It is hard to fathom the reasons underlying this non-publication. One reason might be that we are living in a ‘publish or perish’ era and most clinicians and researchers are willing to participate in a trial without questioning what is really happening with these data globally (there are more ongoing trials than ever before and, as a consequence, it is easy for investigators to participate in multiple trials at the same time; the paradox might rest on the fact that when one of those trials remain unpublished, little attention is paid to it). Another potential reason is publication bias, although it was not possible to assess it in this study. A final possibility is ‘the planning fallacy,22 23: people tend to make terrible predictions of task completion times and what once looked like a feasible trial becomes a longer and much more difficult project to undertake. Given these possibilities, it is important to highlight initiatives such as the 2013 ‘Restoring Invisible and Abandoned Trials’ statement, which was supported by a number of important journals, giving trialists an amnesty of 1 year to publish the results of previously unreported trials.24

As it has been previously stated in the Methods section, we chose ClinicalTrial.gov registry because this registry represented the most comprehensive source for information about ongoing and completed trials within and outside the USA. However, as large and important as this registry is, many trials conducted in radiotherapy have been registered in other registries. Therefore, it should be taken into account that our dataset did not represent the entire population of interventional phase 3 and 4 trials conducted in radiotherapy. On the other hand, we assumed most phase 3 and 4 trials conducted in radiotherapy would be willing to apply their results on the USA soil and therefore have to comply with the FDAAA 801.

There are additional limitations concerning our described search method in ClinicalTrials.gov registry. ClinicalTrials.gov search engine allows the user to focus its search through multiple search fields. Searching for the word ‘Radiotherapy’ did not account for all trials conducted in radiotherapy and produced an enormous amount of false-positive results. To account for all these false-negative and false-positive results, we had to extend our search terms further, including radiotherapy-related terms such as ‘radiation oncology’, ‘radiation therapy’ or ‘IMRT’. This strategy broadened the initial search and lowered considerably false-negative results in our final set, but it is likely that not all phase 3 and 4 interventional clinical trials were capture by our search strategy. On the other hand, false-positive results were easily handled performing a double check on every item at our final set.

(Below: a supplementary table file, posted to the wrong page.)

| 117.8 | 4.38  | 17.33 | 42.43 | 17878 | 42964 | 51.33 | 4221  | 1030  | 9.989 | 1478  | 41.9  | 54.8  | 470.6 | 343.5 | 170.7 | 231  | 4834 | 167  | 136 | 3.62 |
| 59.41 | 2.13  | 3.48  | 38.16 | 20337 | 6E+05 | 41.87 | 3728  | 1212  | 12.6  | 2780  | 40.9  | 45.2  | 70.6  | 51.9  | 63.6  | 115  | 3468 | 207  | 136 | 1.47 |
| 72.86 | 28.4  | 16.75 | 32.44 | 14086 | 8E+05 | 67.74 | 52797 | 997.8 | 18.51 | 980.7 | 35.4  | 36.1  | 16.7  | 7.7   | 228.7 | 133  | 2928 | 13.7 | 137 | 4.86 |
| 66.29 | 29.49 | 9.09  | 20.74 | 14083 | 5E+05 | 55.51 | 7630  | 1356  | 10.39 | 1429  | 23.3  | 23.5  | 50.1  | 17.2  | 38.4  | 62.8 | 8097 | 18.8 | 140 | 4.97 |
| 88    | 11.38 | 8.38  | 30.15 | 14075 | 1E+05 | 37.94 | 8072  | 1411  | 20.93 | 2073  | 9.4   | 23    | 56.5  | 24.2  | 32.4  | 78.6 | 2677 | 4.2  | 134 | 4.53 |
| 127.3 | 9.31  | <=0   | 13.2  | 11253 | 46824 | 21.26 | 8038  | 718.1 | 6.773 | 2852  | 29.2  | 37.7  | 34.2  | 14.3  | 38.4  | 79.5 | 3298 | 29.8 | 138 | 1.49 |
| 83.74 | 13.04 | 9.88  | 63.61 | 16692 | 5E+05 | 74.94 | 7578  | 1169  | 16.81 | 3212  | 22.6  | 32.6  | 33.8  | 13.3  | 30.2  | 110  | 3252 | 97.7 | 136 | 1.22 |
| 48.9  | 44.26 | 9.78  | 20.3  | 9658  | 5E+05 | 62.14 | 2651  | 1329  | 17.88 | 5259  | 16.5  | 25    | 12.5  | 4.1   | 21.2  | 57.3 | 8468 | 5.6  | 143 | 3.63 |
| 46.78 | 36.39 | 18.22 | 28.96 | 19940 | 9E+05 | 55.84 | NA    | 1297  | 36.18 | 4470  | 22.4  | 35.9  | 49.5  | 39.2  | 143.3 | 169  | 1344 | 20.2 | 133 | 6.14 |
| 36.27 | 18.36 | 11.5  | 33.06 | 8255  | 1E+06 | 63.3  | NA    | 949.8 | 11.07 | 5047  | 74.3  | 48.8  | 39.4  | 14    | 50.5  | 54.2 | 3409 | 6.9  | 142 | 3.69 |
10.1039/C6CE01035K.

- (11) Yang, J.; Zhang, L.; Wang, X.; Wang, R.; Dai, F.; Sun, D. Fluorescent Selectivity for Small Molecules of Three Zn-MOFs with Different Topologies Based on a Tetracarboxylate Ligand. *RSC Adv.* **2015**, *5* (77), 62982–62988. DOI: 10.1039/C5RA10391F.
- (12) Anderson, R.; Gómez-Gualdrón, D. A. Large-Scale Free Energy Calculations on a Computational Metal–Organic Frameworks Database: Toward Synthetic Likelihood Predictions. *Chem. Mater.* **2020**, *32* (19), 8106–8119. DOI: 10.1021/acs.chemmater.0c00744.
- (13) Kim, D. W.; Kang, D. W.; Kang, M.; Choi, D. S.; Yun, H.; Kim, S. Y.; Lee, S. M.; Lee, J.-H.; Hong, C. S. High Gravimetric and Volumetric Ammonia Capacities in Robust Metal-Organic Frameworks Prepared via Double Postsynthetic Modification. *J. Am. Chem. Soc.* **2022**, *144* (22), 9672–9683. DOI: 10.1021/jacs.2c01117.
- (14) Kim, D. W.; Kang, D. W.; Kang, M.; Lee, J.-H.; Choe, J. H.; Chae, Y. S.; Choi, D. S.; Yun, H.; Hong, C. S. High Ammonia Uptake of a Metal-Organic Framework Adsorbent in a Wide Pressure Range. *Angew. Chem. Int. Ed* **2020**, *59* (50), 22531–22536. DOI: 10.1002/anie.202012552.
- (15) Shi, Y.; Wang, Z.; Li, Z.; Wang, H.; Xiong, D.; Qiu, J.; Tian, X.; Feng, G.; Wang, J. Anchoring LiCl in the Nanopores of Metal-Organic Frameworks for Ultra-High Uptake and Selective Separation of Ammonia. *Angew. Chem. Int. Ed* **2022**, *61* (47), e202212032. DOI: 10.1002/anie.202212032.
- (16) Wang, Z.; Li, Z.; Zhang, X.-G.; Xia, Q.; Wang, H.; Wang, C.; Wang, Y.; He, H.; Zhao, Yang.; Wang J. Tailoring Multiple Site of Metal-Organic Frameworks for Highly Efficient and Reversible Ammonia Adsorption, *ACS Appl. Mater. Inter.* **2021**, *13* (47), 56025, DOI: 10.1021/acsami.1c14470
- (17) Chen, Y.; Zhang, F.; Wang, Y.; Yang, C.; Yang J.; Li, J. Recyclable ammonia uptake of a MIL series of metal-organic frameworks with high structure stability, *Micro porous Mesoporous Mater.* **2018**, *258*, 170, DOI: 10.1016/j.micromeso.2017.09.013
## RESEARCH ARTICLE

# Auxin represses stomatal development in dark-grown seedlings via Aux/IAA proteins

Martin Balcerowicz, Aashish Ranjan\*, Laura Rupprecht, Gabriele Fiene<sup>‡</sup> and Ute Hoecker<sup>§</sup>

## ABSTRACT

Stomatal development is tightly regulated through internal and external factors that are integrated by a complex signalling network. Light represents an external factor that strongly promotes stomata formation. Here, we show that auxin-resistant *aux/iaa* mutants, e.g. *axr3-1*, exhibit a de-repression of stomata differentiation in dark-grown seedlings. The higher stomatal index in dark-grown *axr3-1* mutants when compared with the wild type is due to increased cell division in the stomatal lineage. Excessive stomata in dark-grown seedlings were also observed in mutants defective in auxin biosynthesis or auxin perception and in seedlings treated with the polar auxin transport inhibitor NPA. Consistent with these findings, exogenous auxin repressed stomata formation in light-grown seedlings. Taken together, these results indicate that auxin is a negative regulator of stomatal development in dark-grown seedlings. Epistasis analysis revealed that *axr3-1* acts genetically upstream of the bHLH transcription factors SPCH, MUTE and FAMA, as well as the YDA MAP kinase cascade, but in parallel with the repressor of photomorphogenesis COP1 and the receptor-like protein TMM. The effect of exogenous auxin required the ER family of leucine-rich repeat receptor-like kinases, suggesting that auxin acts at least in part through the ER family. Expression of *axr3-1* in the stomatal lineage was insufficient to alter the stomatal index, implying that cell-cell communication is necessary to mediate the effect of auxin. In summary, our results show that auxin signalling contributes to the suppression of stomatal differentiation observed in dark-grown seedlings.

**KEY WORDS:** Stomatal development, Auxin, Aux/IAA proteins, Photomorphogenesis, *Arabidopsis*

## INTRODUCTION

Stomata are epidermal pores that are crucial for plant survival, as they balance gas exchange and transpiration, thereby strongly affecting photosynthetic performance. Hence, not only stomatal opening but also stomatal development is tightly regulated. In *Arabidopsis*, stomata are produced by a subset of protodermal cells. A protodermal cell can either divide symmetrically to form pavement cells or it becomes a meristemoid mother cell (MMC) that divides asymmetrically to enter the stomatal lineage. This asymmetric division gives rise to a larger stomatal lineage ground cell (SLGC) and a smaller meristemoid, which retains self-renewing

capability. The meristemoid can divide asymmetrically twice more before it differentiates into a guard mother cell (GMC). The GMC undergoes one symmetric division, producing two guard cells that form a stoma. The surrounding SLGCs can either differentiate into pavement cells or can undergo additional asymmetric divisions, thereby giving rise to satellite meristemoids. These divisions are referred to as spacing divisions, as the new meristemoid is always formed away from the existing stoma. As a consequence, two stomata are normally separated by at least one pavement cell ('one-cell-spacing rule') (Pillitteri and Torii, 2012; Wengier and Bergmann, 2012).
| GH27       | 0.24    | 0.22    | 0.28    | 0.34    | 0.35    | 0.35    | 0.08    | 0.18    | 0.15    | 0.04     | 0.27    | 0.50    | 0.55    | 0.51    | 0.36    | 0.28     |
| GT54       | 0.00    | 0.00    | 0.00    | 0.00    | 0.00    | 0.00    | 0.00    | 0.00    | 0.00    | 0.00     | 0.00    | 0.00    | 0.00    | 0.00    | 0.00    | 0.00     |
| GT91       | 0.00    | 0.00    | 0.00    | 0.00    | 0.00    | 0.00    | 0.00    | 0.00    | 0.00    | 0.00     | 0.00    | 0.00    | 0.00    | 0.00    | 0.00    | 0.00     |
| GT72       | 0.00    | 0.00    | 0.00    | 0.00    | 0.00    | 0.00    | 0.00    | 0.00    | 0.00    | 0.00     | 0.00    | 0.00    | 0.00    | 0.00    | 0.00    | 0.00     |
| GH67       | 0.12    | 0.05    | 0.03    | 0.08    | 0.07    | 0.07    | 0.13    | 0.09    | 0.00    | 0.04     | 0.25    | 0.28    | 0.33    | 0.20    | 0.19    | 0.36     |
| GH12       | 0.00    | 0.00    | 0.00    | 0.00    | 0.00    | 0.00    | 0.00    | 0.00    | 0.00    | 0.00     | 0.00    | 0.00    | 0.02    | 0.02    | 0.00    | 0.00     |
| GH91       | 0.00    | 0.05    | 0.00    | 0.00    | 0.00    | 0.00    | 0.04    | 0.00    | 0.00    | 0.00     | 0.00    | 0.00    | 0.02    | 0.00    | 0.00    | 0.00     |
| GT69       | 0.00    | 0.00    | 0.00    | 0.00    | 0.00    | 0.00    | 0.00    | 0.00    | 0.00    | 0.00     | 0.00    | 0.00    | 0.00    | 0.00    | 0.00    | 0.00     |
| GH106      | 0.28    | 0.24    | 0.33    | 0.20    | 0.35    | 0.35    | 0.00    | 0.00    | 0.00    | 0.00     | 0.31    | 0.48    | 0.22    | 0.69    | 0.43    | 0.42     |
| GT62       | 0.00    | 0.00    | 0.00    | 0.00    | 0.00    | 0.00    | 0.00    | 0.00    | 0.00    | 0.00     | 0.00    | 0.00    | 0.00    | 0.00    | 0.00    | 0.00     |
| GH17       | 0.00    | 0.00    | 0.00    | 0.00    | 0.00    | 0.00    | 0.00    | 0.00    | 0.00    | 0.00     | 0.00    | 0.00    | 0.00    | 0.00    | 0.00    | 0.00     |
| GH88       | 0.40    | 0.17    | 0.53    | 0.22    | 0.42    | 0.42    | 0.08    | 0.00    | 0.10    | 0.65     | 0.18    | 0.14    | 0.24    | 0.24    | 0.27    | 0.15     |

In summary, non-publication means poor use of financial resources from funders, host institutions and commissioning bodies. It also means loss of knowledge through hidden data, makes medical practice less evidence based and risks biasing the evidence in important ways. Moreover, it means that a large number of study participants were exposed to the risks of trial participation without the supposed benefits that sharing and publishing of results would offer to future generations of patients. This ethical issue should be at the heart of our current medical practice.

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View Abstract

Footnotes

  • Contributors JP-A and PG conceptualised and designed the study. JP-A and PG wrote the first draft of the manuscript. IL, EA, JP-A and PG conducted and analysed registry and peer-reviewed journal searches. AP reviewed the manuscript and helped with the interpretation of the data. All authors approved the final manuscript as submitted and agree to be accountable for all aspects of the work.

  • Competing interests None declared.

  • Provenance and peer review Not commissioned; externally peer reviewed.

  • Data sharing statement All data used in this research are publicly available from Clinicaltrials.gov, with the inclusion criteria cited in the text.